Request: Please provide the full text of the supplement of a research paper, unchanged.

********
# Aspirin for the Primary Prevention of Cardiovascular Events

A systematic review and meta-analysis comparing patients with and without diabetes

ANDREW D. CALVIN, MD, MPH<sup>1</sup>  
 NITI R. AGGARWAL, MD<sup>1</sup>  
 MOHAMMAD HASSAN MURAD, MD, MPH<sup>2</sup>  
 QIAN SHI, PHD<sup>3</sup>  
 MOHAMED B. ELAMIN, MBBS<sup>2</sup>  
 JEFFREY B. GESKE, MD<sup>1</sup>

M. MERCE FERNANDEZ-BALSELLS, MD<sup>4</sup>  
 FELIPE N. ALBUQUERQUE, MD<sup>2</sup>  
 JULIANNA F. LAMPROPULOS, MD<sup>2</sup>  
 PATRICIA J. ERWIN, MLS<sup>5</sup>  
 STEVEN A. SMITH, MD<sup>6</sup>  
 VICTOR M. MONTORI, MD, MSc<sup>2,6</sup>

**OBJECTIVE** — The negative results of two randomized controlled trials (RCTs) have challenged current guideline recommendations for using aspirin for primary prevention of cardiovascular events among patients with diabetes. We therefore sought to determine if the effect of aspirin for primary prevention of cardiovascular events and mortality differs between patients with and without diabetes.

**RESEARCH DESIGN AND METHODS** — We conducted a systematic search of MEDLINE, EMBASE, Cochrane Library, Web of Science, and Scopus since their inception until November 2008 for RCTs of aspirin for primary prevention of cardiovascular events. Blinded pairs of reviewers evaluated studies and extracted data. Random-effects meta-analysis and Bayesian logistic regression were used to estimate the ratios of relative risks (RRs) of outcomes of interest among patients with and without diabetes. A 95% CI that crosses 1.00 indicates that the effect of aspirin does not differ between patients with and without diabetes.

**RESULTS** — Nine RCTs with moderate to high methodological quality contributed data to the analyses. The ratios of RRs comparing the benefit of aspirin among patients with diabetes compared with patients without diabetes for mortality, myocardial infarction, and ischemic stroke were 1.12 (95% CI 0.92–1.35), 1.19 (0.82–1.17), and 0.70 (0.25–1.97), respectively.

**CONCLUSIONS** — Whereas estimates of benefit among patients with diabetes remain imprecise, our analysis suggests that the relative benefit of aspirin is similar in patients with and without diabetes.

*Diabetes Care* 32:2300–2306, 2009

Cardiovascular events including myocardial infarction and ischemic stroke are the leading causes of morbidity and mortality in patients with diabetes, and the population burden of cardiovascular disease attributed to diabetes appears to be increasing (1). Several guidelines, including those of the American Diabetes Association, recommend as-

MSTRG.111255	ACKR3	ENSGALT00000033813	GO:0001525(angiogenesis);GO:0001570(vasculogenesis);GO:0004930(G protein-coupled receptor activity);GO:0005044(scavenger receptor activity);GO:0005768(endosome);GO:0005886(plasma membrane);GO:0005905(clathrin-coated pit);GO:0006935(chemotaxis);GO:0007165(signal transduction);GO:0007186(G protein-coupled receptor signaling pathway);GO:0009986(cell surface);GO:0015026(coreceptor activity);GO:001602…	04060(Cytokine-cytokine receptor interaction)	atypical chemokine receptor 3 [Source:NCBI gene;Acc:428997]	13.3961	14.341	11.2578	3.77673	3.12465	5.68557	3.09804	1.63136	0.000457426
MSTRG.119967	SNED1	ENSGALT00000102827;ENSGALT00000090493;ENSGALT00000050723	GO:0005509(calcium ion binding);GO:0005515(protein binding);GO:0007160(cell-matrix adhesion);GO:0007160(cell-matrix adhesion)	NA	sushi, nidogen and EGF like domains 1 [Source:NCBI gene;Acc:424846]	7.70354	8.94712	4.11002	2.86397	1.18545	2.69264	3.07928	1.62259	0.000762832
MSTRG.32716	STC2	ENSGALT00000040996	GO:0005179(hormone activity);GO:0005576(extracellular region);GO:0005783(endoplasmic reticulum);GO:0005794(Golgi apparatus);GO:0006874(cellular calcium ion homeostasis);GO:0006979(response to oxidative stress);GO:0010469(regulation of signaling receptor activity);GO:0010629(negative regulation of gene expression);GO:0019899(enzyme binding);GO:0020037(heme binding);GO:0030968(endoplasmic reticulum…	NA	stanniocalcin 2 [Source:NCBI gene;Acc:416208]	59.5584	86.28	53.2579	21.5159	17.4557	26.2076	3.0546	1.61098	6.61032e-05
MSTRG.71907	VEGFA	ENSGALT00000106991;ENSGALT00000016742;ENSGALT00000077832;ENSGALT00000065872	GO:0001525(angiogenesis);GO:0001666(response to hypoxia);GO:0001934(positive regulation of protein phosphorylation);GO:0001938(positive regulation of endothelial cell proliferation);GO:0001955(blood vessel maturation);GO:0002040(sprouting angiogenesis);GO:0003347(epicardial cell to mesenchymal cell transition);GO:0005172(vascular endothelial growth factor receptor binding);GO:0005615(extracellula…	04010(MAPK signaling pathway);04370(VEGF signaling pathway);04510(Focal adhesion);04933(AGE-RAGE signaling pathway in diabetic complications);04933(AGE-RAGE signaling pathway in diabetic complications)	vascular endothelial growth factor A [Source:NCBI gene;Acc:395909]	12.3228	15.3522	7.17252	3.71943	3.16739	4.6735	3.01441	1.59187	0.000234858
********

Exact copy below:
# Aspirin for the Primary Prevention of Cardiovascular Events

A systematic review and meta-analysis comparing patients with and without diabetes

ANDREW D. CALVIN, MD, MPH<sup>1</sup>  
 NITI R. AGGARWAL, MD<sup>1</sup>  
 MOHAMMAD HASSAN MURAD, MD, MPH<sup>2</sup>  
 QIAN SHI, PHD<sup>3</sup>  
 MOHAMED B. ELAMIN, MBBS<sup>2</sup>  
 JEFFREY B. GESKE, MD<sup>1</sup>

M. MERCE FERNANDEZ-BALSELLS, MD<sup>4</sup>  
 FELIPE N. ALBUQUERQUE, MD<sup>2</sup>  
 JULIANNA F. LAMPROPULOS, MD<sup>2</sup>  
 PATRICIA J. ERWIN, MLS<sup>5</sup>  
 STEVEN A. SMITH, MD<sup>6</sup>  
 VICTOR M. MONTORI, MD, MSc<sup>2,6</sup>

**OBJECTIVE** — The negative results of two randomized controlled trials (RCTs) have challenged current guideline recommendations for using aspirin for primary prevention of cardiovascular events among patients with diabetes. We therefore sought to determine if the effect of aspirin for primary prevention of cardiovascular events and mortality differs between patients with and without diabetes.

**RESEARCH DESIGN AND METHODS** — We conducted a systematic search of MEDLINE, EMBASE, Cochrane Library, Web of Science, and Scopus since their inception until November 2008 for RCTs of aspirin for primary prevention of cardiovascular events. Blinded pairs of reviewers evaluated studies and extracted data. Random-effects meta-analysis and Bayesian logistic regression were used to estimate the ratios of relative risks (RRs) of outcomes of interest among patients with and without diabetes. A 95% CI that crosses 1.00 indicates that the effect of aspirin does not differ between patients with and without diabetes.

**RESULTS** — Nine RCTs with moderate to high methodological quality contributed data to the analyses. The ratios of RRs comparing the benefit of aspirin among patients with diabetes compared with patients without diabetes for mortality, myocardial infarction, and ischemic stroke were 1.12 (95% CI 0.92–1.35), 1.19 (0.82–1.17), and 0.70 (0.25–1.97), respectively.

**CONCLUSIONS** — Whereas estimates of benefit among patients with diabetes remain imprecise, our analysis suggests that the relative benefit of aspirin is similar in patients with and without diabetes.

*Diabetes Care* 32:2300–2306, 2009

Cardiovascular events including myocardial infarction and ischemic stroke are the leading causes of morbidity and mortality in patients with diabetes, and the population burden of cardiovascular disease attributed to diabetes appears to be increasing (1). Several guidelines, including those of the American Diabetes Association, recommend as-

MSTRG.111255	ACKR3	ENSGALT00000033813	GO:0001525(angiogenesis);GO:0001570(vasculogenesis);GO:0004930(G protein-coupled receptor activity);GO:0005044(scavenger receptor activity);GO:0005768(endosome);GO:0005886(plasma membrane);GO:0005905(clathrin-coated pit);GO:0006935(chemotaxis);GO:0007165(signal transduction);GO:0007186(G protein-coupled receptor signaling pathway);GO:0009986(cell surface);GO:0015026(coreceptor activity);GO:001602…	04060(Cytokine-cytokine receptor interaction)	atypical chemokine receptor 3 [Source:NCBI gene;Acc:428997]	13.3961	14.341	11.2578	3.77673	3.12465	5.68557	3.09804	1.63136	0.000457426
MSTRG.119967	SNED1	ENSGALT00000102827;ENSGALT00000090493;ENSGALT00000050723	GO:0005509(calcium ion binding);GO:0005515(protein binding);GO:0007160(cell-matrix adhesion);GO:0007160(cell-matrix adhesion)	NA	sushi, nidogen and EGF like domains 1 [Source:NCBI gene;Acc:424846]	7.70354	8.94712	4.11002	2.86397	1.18545	2.69264	3.07928	1.62259	0.000762832
MSTRG.32716	STC2	ENSGALT00000040996	GO:0005179(hormone activity);GO:0005576(extracellular region);GO:0005783(endoplasmic reticulum);GO:0005794(Golgi apparatus);GO:0006874(cellular calcium ion homeostasis);GO:0006979(response to oxidative stress);GO:0010469(regulation of signaling receptor activity);GO:0010629(negative regulation of gene expression);GO:0019899(enzyme binding);GO:0020037(heme binding);GO:0030968(endoplasmic reticulum…	NA	stanniocalcin 2 [Source:NCBI gene;Acc:416208]	59.5584	86.28	53.2579	21.5159	17.4557	26.2076	3.0546	1.61098	6.61032e-05
MSTRG.71907	VEGFA	ENSGALT00000106991;ENSGALT00000016742;ENSGALT00000077832;ENSGALT00000065872	GO:0001525(angiogenesis);GO:0001666(response to hypoxia);GO:0001934(positive regulation of protein phosphorylation);GO:0001938(positive regulation of endothelial cell proliferation);GO:0001955(blood vessel maturation);GO:0002040(sprouting angiogenesis);GO:0003347(epicardial cell to mesenchymal cell transition);GO:0005172(vascular endothelial growth factor receptor binding);GO:0005615(extracellula…	04010(MAPK signaling pathway);04370(VEGF signaling pathway);04510(Focal adhesion);04933(AGE-RAGE signaling pathway in diabetic complications);04933(AGE-RAGE signaling pathway in diabetic complications)	vascular endothelial growth factor A [Source:NCBI gene;Acc:395909]	12.3228	15.3522	7.17252	3.71943	3.16739	4.6735	3.01441	1.59187	0.000234858